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A bad way to invest responsibly

·4 mins

A while back, I decided to consider Socially Responsible Investments (SRI).
As I see it, the question is the following:

Is it most effective to spend money on improving the influence of my investments, or to donate money to charities?

This first article is about the most common approach: something with no effect that costs money.

Turns out, many investment companies hope you will pay them to improve the impact of your investments.
A popular methodology is “filters”, also called “negative screening”. Investment funds with filters commit not to invest in “controversial assets”. “Controversial assets” differ from one fund to another but generally include: Nuclear energy, Coal, Tobacco, Gambling, Alcohol and Pornography.

Thanks to these companies, for a modest price of 0.09% and missing out on a few assets, you made the world a better place.
Or have you?

In my understanding, filters have no impact because they require very high thresholds, yet they provide no leverage.
Let’s take tobacco as an example. It makes for about 0.59% of the stock market 1. For tobacco companies to have difficulty funding their development, on the order of 99.5% of all investible money would need to be refused to them 2. Only if this threshold were reached, then the cost of capital would increase for tobacco producers.

Getting 99.5% of all money worldwide to reject Tobacco, or as another example 97% of all money to reject coal is rather unrealistic, as different regions have different values. For example, 18% of the worlds’ wealth 3 is in China, where the tobacco industry provides 7-10% of total central Chinese government revenues.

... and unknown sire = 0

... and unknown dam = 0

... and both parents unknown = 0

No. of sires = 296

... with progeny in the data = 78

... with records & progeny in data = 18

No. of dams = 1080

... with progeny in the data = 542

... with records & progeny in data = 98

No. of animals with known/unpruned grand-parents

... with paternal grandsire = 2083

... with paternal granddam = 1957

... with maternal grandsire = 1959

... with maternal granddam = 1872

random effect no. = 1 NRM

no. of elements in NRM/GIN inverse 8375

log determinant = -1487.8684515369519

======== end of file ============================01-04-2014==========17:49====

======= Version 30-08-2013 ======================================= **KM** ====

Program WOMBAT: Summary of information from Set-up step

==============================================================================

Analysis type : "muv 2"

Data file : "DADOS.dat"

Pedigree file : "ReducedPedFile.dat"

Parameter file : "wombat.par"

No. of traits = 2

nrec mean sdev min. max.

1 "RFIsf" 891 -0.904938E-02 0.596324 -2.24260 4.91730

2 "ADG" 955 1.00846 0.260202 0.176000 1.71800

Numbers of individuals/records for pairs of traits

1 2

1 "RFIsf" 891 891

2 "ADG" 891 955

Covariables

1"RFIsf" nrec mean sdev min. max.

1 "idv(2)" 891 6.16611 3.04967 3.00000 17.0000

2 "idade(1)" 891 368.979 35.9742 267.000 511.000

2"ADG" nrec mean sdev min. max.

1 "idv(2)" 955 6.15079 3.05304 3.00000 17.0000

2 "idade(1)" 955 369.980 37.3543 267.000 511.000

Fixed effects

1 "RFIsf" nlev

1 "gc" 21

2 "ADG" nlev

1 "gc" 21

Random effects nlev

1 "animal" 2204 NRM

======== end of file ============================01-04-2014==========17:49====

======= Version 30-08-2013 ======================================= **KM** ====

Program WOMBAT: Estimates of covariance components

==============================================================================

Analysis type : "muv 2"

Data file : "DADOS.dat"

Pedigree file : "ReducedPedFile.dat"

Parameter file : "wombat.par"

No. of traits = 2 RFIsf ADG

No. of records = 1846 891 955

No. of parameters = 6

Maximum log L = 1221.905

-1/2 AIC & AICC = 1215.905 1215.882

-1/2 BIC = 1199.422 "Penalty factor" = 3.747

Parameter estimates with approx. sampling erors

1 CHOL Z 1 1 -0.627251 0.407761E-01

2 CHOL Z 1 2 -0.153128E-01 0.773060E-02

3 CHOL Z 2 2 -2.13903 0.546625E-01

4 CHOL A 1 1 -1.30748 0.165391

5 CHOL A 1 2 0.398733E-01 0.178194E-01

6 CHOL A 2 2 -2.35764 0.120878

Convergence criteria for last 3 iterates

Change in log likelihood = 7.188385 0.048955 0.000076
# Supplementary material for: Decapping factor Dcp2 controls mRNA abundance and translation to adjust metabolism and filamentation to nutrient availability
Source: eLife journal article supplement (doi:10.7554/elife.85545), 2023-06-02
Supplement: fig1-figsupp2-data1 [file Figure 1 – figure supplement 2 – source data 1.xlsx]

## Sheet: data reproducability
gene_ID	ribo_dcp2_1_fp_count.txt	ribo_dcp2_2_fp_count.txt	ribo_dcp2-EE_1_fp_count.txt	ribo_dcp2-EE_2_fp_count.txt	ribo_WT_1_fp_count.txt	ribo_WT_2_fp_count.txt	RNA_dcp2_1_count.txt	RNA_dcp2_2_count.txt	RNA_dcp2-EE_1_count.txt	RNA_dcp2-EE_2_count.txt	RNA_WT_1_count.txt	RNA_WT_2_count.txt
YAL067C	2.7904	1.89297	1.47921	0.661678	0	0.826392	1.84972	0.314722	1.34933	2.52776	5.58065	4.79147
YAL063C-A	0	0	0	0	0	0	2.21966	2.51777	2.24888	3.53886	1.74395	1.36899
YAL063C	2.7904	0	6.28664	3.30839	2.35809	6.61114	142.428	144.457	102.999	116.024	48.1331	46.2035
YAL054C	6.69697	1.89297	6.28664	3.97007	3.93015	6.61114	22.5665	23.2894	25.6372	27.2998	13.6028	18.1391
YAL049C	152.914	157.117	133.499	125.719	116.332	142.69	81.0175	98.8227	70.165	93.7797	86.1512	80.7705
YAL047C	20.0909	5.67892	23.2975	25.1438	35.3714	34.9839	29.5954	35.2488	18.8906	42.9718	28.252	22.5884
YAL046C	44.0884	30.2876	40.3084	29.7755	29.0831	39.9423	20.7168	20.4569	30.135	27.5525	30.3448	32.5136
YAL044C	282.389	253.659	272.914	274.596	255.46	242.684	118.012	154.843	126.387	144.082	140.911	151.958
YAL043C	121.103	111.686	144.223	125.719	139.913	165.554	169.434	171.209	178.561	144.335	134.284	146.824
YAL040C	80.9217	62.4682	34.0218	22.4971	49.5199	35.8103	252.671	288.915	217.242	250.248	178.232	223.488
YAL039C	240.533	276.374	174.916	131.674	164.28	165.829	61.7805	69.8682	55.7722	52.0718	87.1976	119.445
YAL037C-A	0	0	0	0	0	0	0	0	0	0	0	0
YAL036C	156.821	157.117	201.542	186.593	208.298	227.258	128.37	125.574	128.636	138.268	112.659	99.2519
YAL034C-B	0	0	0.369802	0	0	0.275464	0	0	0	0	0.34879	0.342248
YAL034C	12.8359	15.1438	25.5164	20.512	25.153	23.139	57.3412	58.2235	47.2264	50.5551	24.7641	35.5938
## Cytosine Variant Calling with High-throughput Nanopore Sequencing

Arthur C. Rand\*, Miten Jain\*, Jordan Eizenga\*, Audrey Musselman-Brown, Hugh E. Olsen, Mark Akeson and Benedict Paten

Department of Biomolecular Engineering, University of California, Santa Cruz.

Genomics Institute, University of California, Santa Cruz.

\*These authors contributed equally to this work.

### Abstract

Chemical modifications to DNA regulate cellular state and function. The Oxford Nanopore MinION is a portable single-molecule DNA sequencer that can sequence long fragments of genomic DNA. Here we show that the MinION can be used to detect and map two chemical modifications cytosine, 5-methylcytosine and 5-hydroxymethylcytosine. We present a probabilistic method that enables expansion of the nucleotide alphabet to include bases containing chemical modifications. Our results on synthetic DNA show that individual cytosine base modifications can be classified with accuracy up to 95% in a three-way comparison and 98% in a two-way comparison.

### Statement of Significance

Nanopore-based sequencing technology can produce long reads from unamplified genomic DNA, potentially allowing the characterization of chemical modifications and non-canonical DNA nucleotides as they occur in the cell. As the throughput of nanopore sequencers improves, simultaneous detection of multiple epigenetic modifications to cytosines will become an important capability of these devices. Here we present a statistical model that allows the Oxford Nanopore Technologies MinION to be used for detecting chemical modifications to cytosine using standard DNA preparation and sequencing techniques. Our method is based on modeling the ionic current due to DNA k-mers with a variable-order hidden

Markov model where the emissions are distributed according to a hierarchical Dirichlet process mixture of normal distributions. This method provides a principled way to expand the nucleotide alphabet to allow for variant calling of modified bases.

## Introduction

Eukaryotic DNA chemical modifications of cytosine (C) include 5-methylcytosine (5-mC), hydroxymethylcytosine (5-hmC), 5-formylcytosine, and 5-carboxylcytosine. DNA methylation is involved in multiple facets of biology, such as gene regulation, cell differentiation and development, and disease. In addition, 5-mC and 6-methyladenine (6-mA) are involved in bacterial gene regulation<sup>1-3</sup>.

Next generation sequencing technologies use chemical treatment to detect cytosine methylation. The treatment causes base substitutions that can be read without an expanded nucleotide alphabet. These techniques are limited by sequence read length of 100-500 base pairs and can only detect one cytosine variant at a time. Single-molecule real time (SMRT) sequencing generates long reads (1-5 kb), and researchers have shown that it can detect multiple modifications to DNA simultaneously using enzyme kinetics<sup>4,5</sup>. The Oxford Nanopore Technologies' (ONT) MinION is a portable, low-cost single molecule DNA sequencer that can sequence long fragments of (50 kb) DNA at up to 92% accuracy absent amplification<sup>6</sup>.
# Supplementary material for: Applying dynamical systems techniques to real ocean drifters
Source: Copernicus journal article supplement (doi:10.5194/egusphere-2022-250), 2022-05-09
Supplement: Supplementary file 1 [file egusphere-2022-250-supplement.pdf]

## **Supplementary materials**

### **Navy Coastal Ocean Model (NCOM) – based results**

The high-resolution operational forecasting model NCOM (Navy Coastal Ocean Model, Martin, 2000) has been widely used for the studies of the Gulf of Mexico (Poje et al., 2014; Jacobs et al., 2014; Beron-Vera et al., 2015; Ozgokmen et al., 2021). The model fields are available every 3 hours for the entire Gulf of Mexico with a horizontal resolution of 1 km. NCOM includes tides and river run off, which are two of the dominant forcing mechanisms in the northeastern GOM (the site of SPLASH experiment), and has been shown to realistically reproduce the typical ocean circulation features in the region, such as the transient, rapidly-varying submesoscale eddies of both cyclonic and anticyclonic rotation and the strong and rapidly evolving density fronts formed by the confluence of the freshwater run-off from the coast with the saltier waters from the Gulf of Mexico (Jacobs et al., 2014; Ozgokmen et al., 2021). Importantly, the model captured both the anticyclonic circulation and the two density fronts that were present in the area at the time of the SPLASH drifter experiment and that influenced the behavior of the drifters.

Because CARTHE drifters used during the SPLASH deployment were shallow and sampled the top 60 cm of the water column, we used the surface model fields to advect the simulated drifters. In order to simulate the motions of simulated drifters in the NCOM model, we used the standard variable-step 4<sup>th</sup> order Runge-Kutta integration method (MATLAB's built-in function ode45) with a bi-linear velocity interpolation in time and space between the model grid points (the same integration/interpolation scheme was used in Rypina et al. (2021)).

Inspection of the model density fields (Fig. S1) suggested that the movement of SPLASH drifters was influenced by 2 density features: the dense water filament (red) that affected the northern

Compare the unlikely success of a globally coordinated action with the very feasible local smoking bans: these require just on the order of 50% of legislators, and they already have an effect if they happen just in a specific region.

Thus, it seems that the consensus needed to prevent the funding of “controversial assets” would only be reached at a point after they have been made illegal in most major economies.

It could be that we find investment filters appealing because we are used to thinking as consumers. Consumer selection does not suffer from a threshold effect. If even just 1% of the population stops eating meat, then after a while ~1% less meat is produced. If 1% of the population stopped financing meat production but kept eating meat, I don’t expect anything would change.

Positive screens #

Oh, and what about “positive screens” then, where a fund only invests in virtuous assets?
On paper, it seems that a “positive screen” selecting 20 investments is equivalent to a filter excluding all investments but 20. This reasoning is mostly sound. Thus, many funds with “positive screens” are really filtered funds, and ineffective.

As I understand, the exception is if both of the following conditions are met:

  1. The fund selects investments that would otherwise not have been considered.
    For example, your local supported employment company is very unlikely to be on the stock market at all. If a socially responsible fund went out in the field to select such investments, that would no longer be equivalent to just filtering all other stocks.
  2. You either cannot support the cause through a tax-deductible charitable donation, or believe that paying taxes is more desirable than donating to charities.
    Otherwise, you’d be better off letting whichever enterprise the investment consists of finance itself at market rate, and compensating their risk premium by a tax-deductible donation.

In practice, these conditions are probably only met in very specific cases… maybe private foundations?


  1. More correctly, 0.59% of all publicly traded stocks available to western investors, but this is a good enough approximation for this example. ↩︎

  2. More precisely, the cost of capital will be at most increased to the same percentile as the percentage of investible money that is refused to them. ↩︎

  3. 18% of the world’s wealth doesn’t necessarily mean 18% of investible money, but it gives an idea. ↩︎